Despite substantial progress in the past two decades, cancer remains the leading cause of death by disease in US children between 1 and 15 years of age. Acute lymphoblastic leukemia (ALL) is the most common childhood cancer, and cure rates are approaching ~ 80% today. Unfortunately, 20% of children with ALL are not cured with current therapy, making the number of cases of relapsed ALL greater than the total number of new cases of most childhood cancers. Previous work has established that de novo drug resistance is a primary cause of treatment failure in childhood ALL. However, the genomic determinants of drug resistance remain poorly defined. The research supported by this MERIT award has focused on elucidating the genomic determinants of inter-patient differences in drug response in children with ALL, leading to a number of new insights into the pharmacogenomics of childhood ALL. Our scientific aims are focused on some of the most widely used antileukemic agents, thiopurines and glucocorticoids (with complementary studies of L- asparaginase and vincristine).
The first aim i s to identify genes that influence the response to thiopurines (mercaptopurine, thioguanine), using genomewide approaches for gene expression analyses of ALL cells, and SNP analyses of germline and ALL cell DNA to identify SNPs and copy number variations (CNVs) that are significantly related to drug sensitivity and response. Studies in Aim 2 are designed to elucidate these pharmacogenomic traits in T-ALL, a less common subtype that is more resistant to curative chemotherapy, and compare these findings to B-lineage ALL. Once we identify these genes or genome abnormalities (SNPs, CNVs) influencing ALL drug resistance and treatment response, we perform biochemical and genomic studies to determine the mechanism by which these genes or their variants influence the sensitivity of ALL cells to these chemotherapeutic agents. In the continuation of this research program, we are extending our findings from the last 4 years of funding by exploiting new genomewide strategies to identify genomic determinants of drug response (e.g., 1 million SNP arrays, gene expression arrays, mIRNA arrays), to determine whether CNVs or specific mlRNAs modify the expression of genes and thereby alter the sensitivity of ALL cells to these chemotherapeutic agents. Our preliminary findings have indeed revealed specific mlRNAs that influence the sensitivity of ALL cells to these agents, and we have also recently discovered that specific CNVs in ALL cells can significantly influence drug resistance. The continuation of these studies will provide important new insights into the genomic determinants of treatment failure and point to novel targets for developing strategies to overcome drug resistance in childhood ALL.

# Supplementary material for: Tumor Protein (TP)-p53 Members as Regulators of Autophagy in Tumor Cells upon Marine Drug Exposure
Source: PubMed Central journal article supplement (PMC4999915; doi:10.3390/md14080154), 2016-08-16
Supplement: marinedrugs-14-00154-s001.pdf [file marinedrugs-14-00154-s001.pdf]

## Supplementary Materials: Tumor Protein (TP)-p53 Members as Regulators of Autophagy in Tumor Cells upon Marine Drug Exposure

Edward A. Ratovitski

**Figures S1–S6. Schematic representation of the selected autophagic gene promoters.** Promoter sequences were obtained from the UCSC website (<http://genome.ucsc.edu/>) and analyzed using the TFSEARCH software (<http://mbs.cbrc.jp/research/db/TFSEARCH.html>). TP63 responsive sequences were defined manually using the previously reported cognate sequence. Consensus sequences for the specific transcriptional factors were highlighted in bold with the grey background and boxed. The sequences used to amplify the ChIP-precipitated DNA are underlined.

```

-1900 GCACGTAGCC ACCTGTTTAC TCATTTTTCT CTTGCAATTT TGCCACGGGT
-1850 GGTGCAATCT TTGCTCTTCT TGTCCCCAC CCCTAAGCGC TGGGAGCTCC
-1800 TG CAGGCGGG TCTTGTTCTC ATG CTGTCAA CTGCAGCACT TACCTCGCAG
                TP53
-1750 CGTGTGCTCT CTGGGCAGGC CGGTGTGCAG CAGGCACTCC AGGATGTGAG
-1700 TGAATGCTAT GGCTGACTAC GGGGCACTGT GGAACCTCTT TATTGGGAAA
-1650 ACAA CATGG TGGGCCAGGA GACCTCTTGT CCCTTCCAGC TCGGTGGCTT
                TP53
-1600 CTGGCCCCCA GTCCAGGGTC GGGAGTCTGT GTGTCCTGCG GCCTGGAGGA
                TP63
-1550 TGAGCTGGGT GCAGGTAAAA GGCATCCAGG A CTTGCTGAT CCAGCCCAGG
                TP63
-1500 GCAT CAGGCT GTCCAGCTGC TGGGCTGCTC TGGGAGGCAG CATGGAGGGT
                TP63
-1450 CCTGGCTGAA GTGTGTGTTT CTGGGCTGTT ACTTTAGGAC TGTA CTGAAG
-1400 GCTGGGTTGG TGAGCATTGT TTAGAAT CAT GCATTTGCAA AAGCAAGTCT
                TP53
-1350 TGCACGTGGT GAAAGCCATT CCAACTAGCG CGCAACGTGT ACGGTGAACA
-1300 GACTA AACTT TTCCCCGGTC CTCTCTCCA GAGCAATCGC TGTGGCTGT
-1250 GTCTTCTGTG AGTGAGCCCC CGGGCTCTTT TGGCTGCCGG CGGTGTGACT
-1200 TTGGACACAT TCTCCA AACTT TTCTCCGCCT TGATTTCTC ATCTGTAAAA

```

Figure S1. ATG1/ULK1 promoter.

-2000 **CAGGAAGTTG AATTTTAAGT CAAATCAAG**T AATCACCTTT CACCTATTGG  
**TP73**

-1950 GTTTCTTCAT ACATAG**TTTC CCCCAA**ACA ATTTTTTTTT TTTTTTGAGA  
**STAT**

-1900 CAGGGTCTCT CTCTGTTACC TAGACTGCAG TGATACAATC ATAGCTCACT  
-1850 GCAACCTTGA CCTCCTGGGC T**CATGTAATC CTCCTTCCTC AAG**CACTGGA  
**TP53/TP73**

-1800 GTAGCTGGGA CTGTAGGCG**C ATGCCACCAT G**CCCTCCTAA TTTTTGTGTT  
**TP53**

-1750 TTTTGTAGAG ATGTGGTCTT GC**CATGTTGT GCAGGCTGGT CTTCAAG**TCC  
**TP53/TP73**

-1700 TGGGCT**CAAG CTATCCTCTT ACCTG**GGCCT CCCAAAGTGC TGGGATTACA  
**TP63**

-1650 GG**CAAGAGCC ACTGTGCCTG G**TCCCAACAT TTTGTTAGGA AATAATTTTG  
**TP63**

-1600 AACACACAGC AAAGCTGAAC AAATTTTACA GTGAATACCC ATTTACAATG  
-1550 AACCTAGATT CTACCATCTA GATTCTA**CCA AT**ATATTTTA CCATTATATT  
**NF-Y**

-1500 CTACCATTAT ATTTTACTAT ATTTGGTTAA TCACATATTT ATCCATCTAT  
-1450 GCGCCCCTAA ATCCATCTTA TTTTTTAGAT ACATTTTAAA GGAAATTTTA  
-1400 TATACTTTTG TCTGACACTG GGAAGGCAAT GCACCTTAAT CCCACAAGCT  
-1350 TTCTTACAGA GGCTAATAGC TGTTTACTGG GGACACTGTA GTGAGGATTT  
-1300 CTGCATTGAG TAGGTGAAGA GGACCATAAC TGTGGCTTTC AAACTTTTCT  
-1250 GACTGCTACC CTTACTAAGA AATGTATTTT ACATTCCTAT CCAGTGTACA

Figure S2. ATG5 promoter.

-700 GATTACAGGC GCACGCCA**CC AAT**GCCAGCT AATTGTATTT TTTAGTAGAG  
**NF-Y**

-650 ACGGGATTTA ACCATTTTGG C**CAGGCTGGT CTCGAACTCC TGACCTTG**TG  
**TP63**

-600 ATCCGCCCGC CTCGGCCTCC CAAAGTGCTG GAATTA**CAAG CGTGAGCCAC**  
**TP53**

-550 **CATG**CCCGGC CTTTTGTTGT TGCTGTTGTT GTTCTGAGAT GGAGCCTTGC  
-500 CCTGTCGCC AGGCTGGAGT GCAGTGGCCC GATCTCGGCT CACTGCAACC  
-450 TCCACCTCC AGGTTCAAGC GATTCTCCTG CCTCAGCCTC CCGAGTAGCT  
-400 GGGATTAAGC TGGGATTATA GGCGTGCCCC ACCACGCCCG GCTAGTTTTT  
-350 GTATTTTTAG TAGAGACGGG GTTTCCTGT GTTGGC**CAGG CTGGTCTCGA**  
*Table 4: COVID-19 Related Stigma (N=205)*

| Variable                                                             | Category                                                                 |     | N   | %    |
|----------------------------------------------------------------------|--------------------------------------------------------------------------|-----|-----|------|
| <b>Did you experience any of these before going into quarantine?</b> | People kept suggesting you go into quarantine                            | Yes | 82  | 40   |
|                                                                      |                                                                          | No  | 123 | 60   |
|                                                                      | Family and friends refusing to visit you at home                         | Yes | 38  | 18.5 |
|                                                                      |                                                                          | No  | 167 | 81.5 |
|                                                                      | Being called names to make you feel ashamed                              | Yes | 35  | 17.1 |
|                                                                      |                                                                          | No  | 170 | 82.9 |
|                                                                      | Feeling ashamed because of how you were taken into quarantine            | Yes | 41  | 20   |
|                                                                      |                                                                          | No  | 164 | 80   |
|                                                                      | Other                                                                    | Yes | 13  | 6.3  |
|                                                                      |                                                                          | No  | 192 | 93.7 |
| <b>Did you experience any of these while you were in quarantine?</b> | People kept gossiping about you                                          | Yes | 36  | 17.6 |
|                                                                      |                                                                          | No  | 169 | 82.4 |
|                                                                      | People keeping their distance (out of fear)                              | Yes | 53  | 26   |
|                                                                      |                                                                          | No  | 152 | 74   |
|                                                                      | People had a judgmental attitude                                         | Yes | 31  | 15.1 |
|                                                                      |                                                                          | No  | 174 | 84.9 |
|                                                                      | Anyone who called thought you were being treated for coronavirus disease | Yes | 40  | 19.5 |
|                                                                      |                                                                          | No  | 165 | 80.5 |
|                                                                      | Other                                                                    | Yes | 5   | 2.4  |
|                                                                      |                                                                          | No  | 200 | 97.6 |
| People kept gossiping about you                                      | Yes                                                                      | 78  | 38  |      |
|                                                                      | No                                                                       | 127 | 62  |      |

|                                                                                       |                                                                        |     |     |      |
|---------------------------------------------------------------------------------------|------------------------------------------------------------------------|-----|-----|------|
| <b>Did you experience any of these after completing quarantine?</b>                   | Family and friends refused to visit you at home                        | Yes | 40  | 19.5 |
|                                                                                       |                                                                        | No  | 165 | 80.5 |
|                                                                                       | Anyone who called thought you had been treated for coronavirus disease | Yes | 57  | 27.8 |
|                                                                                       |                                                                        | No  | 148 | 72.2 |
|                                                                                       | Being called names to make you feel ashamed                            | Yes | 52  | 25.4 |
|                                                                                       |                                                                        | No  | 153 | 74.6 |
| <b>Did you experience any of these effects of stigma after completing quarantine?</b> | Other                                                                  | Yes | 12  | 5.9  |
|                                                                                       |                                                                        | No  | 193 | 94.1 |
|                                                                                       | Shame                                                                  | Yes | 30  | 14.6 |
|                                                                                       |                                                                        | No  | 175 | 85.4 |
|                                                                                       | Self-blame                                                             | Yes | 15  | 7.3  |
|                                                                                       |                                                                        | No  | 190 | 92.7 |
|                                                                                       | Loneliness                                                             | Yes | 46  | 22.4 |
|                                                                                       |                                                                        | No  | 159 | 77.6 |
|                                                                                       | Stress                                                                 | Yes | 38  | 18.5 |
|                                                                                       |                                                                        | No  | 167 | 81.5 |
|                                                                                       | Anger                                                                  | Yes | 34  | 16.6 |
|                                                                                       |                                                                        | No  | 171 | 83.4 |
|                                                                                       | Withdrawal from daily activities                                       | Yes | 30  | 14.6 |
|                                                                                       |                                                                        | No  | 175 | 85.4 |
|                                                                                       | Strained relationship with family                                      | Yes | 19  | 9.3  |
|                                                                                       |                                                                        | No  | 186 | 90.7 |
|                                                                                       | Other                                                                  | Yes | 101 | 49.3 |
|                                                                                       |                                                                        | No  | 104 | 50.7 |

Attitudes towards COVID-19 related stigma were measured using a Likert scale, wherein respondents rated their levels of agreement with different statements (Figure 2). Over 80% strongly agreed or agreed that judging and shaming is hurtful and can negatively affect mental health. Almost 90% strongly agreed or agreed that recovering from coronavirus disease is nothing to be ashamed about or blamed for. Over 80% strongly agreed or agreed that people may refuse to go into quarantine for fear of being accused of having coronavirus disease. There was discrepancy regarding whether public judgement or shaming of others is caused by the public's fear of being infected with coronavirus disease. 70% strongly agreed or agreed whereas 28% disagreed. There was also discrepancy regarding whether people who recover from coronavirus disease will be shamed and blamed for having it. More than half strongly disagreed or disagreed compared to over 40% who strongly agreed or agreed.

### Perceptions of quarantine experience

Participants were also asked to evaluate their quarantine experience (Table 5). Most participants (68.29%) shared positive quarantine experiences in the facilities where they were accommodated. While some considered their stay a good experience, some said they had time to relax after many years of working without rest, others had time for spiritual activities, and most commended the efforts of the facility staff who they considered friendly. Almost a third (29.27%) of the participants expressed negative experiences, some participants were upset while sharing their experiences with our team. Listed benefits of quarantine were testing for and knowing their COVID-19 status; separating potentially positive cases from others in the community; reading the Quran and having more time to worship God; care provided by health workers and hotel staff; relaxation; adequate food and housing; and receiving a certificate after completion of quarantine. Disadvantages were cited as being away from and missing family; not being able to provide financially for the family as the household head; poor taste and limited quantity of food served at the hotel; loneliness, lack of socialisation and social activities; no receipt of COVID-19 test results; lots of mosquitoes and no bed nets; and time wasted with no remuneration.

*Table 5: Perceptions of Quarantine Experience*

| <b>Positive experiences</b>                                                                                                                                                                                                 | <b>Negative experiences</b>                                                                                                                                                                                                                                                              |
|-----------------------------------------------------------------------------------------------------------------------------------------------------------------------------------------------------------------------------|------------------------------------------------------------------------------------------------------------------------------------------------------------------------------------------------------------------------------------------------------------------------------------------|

Pharmacogenomics has great potential to improve public health by minimizing drug-induced side events and improving treatment effectiveness. Acute lymphoblastic leukemia (ALL) the most common cancer in children, serves as a paradigm for a chemotherapy-sensitive malignancy. By capitalizing on the genomic studies which we have already conducted in children with ALL, and exploiting new genomewide technologies, we will define genomic polymorphisms that can be used to design less toxic and more efficacious cancer treatment regimens.
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